This article summarizes the functionality that has been recently added to Apple devices.

My colleagues have expressed concerns about this feature eroding network security at the office.

My questions:

  • Should we consider this a security risk? Only people who are on our contacts are supposed to trigger this, but this also makes the perhaps-unreasonable assumption that we completely trust all persons we place on our contact list.
  • How could we switch this capability off?
  • Why do you consider this more risky than the usual way of simply telling others the password? And, is your office network really only protected with pre-shared key where everybody needs to know the same secret and any device knowing the passphrase can access the network? If this is the case then the new feature might increase an already larger risk a bit. Commented Dec 20, 2017 at 6:14
  • @SteffenUllrich You bring some quite good points, which support my personal view, which is that the security practice already in place (PSK) is the far bigger problem compared to this feature, which does arguably increase risk, but (if it works right) only due to the drastic reduction in friction (which is also what makes it potentially a great feature). One may argue that it effectively INCREASES security by reducing the incentive for people to make sensitive Post-its.
    – Steven Lu
    Commented Dec 20, 2017 at 6:18

1 Answer 1


First off - why would anyone consider this a security risk? Apple's implementation of the WiFi password sharing feature is much better implemented than Microsoft's attempt from a while ago. For starters:

  • You can only share the password knowingly, and with someone you trust: You still receive a notification when your friend wants to connect to your network and also have to both press a button to accept the request and have them in your contact book.

  • The underlying principle of a pre-shared key remains the same: This isn't changing the functionality through which the client connects to the router (like with a RADIUS server in WPA2-Enterprise) but just removes the requirement for you to speak out the key. In fact, I'd even argue that this method is more secure as you said in another comment since there's no chance that someone you don't trust or an eavesdropper might be able to lift the note with the password or just record you shouting it out to your friend.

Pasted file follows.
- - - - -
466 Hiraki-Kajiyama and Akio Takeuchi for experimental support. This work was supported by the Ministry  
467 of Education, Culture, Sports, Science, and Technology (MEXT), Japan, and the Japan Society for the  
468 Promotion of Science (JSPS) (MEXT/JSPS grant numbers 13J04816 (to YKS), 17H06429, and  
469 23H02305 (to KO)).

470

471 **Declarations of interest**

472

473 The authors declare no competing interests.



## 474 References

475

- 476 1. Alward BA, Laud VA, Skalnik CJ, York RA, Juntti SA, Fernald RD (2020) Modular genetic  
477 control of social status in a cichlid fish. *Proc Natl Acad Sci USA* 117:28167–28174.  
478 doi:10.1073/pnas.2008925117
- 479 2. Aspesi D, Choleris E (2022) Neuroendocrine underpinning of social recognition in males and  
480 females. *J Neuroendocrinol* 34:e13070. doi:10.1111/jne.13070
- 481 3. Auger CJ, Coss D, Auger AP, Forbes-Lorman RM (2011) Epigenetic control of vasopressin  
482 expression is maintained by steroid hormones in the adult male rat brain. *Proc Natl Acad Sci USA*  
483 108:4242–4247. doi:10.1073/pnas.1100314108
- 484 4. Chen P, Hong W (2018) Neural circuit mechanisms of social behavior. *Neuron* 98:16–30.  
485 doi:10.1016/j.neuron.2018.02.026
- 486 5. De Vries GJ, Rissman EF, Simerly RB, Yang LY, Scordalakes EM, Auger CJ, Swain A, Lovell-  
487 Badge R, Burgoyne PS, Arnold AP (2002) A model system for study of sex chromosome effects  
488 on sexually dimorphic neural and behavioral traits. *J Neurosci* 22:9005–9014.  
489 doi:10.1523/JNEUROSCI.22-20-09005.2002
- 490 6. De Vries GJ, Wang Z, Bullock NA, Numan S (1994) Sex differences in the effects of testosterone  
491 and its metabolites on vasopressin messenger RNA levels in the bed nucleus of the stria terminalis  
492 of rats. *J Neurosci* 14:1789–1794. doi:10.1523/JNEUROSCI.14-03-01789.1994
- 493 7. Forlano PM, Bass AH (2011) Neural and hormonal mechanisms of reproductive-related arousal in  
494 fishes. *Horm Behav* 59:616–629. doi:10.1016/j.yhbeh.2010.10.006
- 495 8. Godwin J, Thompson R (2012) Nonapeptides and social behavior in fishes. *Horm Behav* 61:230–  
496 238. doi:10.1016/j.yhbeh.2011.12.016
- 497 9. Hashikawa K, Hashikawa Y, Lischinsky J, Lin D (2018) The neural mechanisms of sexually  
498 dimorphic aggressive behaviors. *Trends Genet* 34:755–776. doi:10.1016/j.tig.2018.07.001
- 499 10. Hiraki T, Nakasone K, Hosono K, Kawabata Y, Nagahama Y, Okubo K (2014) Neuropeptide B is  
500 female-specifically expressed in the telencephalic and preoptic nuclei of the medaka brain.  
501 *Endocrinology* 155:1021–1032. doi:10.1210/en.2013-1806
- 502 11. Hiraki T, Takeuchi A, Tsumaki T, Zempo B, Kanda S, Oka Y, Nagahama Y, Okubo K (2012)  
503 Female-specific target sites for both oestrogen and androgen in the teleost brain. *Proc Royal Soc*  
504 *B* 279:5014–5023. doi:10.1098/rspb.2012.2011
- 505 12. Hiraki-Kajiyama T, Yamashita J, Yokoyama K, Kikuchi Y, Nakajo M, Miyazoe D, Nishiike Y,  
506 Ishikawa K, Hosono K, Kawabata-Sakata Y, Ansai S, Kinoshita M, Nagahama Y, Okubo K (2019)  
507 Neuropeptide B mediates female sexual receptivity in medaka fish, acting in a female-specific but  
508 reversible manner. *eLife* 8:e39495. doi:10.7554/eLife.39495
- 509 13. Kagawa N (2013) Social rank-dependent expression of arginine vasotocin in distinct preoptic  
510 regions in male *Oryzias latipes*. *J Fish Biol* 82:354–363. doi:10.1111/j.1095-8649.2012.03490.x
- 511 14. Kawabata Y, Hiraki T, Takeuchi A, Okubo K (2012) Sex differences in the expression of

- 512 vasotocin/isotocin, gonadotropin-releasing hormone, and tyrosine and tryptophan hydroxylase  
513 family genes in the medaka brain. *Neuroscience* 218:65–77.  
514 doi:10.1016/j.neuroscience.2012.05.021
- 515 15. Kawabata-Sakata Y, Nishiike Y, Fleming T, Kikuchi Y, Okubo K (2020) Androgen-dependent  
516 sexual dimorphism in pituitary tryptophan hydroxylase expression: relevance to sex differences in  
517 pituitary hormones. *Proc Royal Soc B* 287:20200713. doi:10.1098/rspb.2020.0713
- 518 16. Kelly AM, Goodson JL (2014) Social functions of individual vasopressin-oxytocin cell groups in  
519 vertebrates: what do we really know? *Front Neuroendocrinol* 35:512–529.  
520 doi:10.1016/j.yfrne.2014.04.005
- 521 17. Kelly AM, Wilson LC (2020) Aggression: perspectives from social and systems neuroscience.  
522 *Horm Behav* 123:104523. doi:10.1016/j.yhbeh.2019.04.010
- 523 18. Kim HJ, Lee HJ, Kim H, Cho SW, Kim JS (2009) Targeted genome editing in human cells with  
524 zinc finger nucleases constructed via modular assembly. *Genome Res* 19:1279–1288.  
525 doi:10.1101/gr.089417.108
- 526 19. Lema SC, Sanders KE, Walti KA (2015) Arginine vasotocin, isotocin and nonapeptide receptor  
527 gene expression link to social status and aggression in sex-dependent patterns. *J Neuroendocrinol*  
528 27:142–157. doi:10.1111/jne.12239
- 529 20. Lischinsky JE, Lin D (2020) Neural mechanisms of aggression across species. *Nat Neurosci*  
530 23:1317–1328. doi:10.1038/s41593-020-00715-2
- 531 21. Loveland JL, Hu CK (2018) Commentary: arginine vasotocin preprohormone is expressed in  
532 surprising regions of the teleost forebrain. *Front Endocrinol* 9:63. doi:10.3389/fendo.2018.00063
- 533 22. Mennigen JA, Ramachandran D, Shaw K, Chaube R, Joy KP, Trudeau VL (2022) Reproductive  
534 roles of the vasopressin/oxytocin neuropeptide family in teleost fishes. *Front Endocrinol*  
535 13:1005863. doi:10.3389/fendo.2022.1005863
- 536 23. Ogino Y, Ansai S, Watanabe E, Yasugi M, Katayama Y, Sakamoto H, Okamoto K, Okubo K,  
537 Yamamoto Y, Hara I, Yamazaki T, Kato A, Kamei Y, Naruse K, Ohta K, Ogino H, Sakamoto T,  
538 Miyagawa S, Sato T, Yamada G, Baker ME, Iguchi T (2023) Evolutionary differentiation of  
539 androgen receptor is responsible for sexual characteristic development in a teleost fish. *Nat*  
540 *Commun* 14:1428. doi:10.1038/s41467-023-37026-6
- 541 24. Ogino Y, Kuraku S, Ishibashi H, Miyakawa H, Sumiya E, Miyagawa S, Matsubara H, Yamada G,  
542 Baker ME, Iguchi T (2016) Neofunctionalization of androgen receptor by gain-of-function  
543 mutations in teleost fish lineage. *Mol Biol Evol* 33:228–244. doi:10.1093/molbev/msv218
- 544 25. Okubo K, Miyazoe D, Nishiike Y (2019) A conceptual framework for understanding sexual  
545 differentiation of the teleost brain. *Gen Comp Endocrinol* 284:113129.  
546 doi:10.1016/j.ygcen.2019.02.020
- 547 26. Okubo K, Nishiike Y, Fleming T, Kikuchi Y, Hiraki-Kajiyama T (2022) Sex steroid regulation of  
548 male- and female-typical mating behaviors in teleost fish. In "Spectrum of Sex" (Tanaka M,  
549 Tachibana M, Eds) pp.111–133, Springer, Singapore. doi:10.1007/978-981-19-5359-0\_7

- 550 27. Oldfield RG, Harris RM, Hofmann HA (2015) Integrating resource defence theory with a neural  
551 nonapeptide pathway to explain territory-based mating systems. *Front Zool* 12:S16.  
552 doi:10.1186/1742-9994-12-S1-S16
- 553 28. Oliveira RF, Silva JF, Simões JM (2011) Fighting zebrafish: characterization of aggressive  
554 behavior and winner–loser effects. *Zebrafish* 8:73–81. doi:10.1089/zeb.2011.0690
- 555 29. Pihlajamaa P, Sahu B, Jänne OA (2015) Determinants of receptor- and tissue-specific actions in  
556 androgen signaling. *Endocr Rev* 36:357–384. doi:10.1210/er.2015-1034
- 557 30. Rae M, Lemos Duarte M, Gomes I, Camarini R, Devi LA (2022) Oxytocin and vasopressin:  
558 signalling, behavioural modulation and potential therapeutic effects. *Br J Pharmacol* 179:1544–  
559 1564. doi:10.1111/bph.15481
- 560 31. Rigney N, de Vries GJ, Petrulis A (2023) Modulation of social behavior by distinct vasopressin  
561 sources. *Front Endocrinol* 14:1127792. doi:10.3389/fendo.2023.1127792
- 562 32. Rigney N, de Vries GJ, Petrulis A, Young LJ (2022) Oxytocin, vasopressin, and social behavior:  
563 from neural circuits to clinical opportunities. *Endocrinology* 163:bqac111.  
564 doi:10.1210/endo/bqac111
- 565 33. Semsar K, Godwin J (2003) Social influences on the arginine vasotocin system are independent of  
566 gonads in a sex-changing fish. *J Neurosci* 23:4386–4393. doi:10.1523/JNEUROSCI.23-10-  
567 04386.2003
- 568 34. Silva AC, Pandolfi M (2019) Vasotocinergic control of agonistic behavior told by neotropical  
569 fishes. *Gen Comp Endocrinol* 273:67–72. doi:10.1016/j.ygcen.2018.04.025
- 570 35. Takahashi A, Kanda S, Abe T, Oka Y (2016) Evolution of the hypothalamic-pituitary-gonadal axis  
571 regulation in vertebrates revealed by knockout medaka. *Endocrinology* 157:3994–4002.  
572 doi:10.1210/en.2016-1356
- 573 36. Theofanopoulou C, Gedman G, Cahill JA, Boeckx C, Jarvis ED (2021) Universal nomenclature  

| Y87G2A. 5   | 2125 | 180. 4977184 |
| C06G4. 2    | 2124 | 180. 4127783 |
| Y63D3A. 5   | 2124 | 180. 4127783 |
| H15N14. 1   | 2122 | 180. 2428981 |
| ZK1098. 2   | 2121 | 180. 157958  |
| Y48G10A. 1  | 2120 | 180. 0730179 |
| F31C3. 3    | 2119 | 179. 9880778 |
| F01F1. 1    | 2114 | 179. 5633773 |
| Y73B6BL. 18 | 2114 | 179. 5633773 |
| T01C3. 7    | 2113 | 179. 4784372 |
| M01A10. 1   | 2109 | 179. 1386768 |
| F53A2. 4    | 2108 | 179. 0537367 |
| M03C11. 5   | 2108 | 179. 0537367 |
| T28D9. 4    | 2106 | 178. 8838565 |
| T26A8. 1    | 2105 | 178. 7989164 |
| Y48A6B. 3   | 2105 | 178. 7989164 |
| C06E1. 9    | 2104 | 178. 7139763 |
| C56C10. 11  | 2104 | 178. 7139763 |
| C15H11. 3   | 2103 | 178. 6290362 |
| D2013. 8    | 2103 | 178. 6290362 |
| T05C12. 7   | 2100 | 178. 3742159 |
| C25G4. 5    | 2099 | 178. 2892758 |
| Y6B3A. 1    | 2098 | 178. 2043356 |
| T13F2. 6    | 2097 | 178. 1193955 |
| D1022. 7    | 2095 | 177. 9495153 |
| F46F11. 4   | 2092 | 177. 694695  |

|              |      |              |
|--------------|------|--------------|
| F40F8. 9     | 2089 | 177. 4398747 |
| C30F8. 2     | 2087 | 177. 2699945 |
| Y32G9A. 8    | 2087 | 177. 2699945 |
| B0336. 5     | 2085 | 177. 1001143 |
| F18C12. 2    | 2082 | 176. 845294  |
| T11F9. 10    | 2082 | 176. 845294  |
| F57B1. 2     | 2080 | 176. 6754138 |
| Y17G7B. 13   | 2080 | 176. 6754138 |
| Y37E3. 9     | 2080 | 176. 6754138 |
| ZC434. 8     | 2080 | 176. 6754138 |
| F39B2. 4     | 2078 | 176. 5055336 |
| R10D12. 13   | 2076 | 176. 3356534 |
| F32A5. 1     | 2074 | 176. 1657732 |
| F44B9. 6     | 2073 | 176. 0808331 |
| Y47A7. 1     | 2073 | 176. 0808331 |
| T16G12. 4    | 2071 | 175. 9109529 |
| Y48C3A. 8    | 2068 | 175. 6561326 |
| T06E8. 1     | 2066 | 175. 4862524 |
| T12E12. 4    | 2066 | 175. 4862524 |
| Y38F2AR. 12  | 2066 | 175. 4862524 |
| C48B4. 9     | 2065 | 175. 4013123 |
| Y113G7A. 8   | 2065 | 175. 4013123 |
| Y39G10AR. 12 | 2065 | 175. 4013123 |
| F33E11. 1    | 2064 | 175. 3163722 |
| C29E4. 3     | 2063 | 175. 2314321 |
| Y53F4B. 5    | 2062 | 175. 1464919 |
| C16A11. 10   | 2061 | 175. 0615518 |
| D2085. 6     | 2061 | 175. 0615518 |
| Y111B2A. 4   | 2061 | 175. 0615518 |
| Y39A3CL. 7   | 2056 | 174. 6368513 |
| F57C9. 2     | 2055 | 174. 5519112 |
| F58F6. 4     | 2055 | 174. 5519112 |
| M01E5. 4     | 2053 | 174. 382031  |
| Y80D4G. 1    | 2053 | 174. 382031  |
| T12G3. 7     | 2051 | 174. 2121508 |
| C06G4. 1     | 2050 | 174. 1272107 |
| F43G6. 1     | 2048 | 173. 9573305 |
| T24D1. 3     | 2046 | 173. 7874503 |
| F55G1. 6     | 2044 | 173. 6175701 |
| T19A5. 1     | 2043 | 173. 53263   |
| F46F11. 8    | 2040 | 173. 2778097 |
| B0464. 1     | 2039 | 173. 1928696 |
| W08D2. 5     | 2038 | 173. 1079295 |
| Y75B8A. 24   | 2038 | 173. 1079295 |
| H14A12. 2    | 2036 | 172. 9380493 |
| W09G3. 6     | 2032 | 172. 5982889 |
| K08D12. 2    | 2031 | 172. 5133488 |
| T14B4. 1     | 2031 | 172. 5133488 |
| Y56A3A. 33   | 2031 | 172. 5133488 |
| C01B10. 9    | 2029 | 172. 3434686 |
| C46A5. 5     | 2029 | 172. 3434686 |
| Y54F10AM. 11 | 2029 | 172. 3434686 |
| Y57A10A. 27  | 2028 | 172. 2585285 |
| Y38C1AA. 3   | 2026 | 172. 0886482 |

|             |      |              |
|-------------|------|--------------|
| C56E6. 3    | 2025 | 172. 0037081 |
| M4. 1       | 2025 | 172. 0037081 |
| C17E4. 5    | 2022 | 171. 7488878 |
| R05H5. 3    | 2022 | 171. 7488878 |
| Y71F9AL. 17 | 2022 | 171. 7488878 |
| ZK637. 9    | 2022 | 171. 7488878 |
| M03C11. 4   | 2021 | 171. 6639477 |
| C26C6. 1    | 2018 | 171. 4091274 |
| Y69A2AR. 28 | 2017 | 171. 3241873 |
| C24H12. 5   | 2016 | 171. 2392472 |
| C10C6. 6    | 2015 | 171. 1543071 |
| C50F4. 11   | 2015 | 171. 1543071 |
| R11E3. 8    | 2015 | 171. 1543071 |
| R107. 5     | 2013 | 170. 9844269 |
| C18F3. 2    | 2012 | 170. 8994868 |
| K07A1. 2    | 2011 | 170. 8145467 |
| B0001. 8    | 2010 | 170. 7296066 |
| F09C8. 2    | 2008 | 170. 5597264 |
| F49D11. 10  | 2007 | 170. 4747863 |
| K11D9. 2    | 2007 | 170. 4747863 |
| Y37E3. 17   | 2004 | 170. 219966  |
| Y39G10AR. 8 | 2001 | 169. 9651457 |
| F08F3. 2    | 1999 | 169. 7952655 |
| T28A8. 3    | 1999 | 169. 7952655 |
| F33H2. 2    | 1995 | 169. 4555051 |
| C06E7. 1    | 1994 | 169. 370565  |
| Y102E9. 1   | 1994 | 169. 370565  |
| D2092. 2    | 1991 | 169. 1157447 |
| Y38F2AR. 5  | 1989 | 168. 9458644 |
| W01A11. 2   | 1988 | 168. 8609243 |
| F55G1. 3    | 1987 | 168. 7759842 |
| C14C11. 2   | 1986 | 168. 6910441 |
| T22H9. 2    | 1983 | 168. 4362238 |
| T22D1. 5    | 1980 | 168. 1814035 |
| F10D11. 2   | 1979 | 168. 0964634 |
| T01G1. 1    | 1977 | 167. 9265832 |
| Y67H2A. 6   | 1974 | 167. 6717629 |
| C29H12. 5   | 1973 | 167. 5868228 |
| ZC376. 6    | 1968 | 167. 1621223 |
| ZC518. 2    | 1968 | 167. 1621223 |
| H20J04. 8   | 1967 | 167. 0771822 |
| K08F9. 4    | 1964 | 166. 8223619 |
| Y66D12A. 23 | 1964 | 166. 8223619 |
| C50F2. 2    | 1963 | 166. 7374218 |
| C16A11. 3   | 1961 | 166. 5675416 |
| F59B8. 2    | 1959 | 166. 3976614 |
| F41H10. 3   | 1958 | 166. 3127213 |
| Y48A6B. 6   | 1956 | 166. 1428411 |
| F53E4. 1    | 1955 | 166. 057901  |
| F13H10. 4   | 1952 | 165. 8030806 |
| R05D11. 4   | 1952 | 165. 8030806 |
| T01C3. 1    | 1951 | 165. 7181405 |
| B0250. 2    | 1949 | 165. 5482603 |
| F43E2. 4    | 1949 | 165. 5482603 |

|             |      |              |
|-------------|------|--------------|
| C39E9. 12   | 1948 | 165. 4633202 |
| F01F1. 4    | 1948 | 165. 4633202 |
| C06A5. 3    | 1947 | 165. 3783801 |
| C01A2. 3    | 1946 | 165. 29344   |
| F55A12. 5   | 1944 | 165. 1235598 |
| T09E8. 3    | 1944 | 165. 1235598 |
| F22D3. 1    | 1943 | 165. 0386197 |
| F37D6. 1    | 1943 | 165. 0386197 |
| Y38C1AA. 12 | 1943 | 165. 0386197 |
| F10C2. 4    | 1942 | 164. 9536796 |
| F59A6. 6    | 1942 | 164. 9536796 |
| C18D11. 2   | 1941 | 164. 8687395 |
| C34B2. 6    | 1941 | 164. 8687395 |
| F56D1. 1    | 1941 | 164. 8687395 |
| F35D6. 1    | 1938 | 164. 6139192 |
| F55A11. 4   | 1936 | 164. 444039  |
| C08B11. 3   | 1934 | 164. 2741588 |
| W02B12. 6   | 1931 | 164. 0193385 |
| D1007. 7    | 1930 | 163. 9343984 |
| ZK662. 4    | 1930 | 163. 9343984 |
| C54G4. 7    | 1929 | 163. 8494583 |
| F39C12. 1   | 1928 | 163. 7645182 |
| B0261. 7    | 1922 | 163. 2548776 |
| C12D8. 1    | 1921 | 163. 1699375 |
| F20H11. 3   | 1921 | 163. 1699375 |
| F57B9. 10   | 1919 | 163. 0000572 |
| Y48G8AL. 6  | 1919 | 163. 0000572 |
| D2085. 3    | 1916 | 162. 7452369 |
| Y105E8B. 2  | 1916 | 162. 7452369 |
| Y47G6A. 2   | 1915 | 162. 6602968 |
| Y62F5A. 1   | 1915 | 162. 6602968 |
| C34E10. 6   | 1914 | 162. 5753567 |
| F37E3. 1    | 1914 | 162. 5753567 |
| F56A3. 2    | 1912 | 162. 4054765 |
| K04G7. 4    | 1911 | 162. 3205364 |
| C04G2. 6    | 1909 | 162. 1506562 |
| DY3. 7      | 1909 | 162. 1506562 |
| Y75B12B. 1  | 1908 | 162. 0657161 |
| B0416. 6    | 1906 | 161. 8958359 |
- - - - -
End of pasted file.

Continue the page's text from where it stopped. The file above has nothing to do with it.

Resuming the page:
Additionally, in an enterprise, you should already be using WPA2-Enterprise with a RADIUS server instead of a PSK. This already seems like a flaw in your current implementation.

Finally, the implementation doesn't automatically share your password with every user in your contact book. It still makes you explicitly approve each user through a dialog box.

And to:

How could we switch this capability off?

It seems like an inbuilt feature without a way to turn it off. I'll update this answer if I come across anything in the future though.

  • 1
    Thanks. The knee-jerk response was from not knowing about the existence of the new feature, and then encountering it without the feature making it clear that the request only comes from somebody in contacts. Combine that with the awareness that when people start to approve lots of dialogs they start to really become less careful about reviewing them, and it feels like it will be way too easy to compromise. I have to say that the contacts part of this is a bit of a stroke of genius. it just makes it both easier and safer to securely share access.
    – Steven Lu
    Commented Dec 20, 2017 at 20:44

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